You Actually Own Your Device, and Other IoT Myths

Connected Life

In the latest episode of our Cyber Security Sauna podcast, industry veteran Steve Lord addresses a few misconceptions about the IoT.

Last year, Gartner estimated that the number of IoT devices in use in 2017 would, for the first time ever, exceed the number of people on the planet, and by 2020 that number would reach 20.4 billion. So if you don’t have one yet, it probably won’t be long before something you own that’s not traditionally a computing device, is smart.

At F-Secure, we recently released a report called Pinning Down the IoT, where we sounded an alarm about the threat the IoT in its current form represents to consumers. Last month, Interpol urged the public to protect their IoT devices. To follow up, our latest podcast episode features a discussion with Steve Lord, a 20-year industry veteran and director at UK security assessment firm Mandalorian. Steve has been working with and hacking IoT devices since before the term “Internet of Things” was well-known.

From smart toys to coffee makers to baby monitors and more, Steve hacks into stuff and figures out how it works – and where it’s broken. In our conversation, he discusses everything from Amazon Alexa and Apple Health to what he thinks will be the wake-up call that will get people to realize just how big the consequences of IoT really can be. He also busts three common myths about the IoT:

You own your device, free and clear.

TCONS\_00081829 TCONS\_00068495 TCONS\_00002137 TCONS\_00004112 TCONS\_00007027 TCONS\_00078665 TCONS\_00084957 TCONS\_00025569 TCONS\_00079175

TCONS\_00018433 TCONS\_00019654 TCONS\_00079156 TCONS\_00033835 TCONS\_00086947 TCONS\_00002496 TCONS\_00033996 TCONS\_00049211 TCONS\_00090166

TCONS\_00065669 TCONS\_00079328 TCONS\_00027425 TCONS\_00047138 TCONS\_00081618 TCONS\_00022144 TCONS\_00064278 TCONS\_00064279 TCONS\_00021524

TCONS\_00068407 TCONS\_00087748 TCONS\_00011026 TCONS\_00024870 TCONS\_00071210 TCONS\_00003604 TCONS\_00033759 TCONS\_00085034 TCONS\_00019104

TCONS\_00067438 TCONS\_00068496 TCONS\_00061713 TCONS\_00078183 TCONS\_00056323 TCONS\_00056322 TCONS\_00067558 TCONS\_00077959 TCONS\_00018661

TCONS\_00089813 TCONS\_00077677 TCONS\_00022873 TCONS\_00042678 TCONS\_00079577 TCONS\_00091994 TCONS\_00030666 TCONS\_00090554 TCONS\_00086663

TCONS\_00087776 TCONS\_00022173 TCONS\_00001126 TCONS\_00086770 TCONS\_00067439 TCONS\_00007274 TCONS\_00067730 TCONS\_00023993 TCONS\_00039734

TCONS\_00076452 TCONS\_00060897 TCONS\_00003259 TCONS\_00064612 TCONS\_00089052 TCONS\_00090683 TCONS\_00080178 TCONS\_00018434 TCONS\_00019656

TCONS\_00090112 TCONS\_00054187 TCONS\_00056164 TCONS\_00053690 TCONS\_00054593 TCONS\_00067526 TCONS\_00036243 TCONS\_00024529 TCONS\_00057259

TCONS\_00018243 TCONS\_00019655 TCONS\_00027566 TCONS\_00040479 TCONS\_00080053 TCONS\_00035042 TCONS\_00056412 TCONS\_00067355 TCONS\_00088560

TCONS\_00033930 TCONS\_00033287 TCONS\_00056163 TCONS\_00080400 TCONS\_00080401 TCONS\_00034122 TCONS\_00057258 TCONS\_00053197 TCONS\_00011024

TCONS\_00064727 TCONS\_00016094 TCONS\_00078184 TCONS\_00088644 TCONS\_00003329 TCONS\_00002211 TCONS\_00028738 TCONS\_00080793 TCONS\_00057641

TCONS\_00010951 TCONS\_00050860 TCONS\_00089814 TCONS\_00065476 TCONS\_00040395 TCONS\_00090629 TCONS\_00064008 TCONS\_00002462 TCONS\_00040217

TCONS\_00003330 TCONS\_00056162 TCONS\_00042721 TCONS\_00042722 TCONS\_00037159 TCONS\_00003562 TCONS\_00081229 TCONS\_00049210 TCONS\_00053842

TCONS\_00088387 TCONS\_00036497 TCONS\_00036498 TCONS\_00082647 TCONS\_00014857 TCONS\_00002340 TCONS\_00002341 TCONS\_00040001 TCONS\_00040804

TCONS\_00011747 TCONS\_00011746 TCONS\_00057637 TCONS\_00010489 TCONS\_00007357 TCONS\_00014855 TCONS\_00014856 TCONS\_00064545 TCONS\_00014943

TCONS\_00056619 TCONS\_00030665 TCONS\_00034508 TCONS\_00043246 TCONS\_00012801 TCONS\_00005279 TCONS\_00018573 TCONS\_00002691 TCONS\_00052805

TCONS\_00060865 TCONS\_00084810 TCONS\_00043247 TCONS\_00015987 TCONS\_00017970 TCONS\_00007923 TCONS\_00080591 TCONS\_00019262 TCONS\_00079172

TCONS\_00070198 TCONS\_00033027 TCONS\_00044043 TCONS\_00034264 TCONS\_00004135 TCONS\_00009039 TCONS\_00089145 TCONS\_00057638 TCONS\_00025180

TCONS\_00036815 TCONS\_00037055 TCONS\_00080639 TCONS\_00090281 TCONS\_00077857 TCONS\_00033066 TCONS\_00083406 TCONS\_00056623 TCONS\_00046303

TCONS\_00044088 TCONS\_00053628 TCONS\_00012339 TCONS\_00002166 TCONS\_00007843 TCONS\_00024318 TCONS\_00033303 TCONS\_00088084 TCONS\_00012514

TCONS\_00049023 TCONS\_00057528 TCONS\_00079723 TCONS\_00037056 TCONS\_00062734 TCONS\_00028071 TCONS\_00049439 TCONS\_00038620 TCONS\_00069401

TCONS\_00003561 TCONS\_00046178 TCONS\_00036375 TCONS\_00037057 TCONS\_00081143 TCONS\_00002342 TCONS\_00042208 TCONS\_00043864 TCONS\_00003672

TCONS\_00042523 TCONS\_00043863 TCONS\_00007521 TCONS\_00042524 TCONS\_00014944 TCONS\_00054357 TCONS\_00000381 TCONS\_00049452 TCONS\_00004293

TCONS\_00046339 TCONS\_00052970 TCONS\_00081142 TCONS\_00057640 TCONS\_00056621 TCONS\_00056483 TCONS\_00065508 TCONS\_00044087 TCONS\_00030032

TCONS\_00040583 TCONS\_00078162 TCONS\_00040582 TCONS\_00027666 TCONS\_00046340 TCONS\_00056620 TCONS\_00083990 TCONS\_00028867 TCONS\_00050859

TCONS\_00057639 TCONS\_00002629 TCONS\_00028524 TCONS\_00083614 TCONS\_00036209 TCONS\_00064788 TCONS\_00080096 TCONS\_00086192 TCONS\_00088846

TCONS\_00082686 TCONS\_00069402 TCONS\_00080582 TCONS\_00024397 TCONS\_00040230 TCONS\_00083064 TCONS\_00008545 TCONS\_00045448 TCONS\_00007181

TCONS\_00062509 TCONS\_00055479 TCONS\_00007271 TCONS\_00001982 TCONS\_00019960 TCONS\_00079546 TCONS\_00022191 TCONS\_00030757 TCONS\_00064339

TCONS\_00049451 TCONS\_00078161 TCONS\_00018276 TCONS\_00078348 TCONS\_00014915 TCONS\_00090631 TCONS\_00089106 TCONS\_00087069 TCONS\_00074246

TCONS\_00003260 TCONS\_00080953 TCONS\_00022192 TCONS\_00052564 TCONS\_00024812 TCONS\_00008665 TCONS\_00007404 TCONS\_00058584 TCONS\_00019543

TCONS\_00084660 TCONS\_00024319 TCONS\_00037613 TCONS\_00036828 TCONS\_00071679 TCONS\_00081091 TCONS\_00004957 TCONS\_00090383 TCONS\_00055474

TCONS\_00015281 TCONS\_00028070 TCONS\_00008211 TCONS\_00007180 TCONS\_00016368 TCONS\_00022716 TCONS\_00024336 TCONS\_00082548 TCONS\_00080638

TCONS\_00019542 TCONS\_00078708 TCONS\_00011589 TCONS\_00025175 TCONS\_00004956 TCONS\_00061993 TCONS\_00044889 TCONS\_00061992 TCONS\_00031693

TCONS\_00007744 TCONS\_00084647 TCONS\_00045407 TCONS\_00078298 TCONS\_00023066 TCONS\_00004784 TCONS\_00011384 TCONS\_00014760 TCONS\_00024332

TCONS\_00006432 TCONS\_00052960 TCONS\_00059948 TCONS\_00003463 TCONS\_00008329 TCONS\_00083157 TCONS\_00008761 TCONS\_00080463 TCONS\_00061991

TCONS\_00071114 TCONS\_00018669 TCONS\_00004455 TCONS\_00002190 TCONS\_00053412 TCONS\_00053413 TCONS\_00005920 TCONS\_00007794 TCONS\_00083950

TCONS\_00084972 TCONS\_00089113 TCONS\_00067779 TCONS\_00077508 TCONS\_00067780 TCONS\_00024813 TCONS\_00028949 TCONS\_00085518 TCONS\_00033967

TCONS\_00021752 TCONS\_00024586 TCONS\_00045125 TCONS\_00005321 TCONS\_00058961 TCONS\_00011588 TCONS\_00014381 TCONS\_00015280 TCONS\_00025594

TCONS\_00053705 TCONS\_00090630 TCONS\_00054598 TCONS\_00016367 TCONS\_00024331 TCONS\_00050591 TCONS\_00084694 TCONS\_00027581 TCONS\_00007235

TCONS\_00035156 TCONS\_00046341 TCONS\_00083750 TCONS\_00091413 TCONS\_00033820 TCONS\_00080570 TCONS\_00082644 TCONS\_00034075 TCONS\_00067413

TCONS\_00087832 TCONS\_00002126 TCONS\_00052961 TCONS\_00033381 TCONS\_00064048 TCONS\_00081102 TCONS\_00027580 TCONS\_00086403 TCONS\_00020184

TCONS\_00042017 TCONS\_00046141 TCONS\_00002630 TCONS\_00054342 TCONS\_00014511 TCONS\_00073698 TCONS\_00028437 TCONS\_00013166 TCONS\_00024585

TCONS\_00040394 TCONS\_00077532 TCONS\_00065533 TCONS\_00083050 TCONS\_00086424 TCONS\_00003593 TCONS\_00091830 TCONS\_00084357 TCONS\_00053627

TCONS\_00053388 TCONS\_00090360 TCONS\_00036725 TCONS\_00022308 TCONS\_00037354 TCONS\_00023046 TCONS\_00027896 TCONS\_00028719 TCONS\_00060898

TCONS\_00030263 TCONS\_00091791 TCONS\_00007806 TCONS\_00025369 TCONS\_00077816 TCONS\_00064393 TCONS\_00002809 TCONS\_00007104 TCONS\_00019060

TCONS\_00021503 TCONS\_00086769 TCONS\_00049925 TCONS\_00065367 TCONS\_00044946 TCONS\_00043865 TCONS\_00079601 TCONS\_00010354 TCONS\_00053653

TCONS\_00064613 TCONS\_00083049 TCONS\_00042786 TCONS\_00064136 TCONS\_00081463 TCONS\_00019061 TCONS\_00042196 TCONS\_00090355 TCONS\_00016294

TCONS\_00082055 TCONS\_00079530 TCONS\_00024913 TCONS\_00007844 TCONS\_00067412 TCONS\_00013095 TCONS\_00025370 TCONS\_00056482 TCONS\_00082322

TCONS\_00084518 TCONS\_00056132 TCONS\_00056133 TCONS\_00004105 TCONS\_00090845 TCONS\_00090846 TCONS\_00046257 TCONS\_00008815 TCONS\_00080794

When you buy an IoT widget, it’s not actually yours to use however and as long as you want. IoT products are designed not to run without the services behind them, so when the vendor retires the service, the product is a brick, Steve says. Also, if the vendor issues an update, you may be forced to accept a new privacy policy along with it or lose the service.

“You buy a Sonos speaker…and you spend hundreds of euros on setting up your speaker and your home audio system…and then one day you’re listening to your music, and Sonos says you have to run this update and you have to accept this new privacy policy or we’re bricking your device,” Steve says. “You have the option of accepting a new policy, running an update, or losing access to playing your music.” On equipment you bought.

“People get really upset when it happens, people don’t understand that this was the business model from day one.”

Your data is going where you think it’s going.

Think your data is going to the vendor that manufactures the product? It’s a lot more complicated than that. The brand name on the app-controlled night light you bought, that company has hired another company to run its IoT framework, which is run in the cloud and can be any one of a number of different platforms. This means you as a customer have no visibility over where your data actually ends up.

Consumers are demanding the IoT.

“Most IoT that we have today does not perform a function that anybody has asked for, that anybody has wanted, or does it in a way that it significantly changes anybody’s lives, at least in the consumer space,” Steve says. “Most IoT is a set of solutions looking for problems.” Sometimes, he points out, this is useful for developing demands that people didn’t even know they had, but “a lot of the time it’s just more expensive versions of things that could be done more cheaply and effectively without IoT…More often than not, it’s product management that is leading consumer IoT.”

For more from Steve, including why companies care so much about your data, the positive side of IoT, and the one thing you can do to improve your security if you own an IoT device, listen to Episode 4 here!



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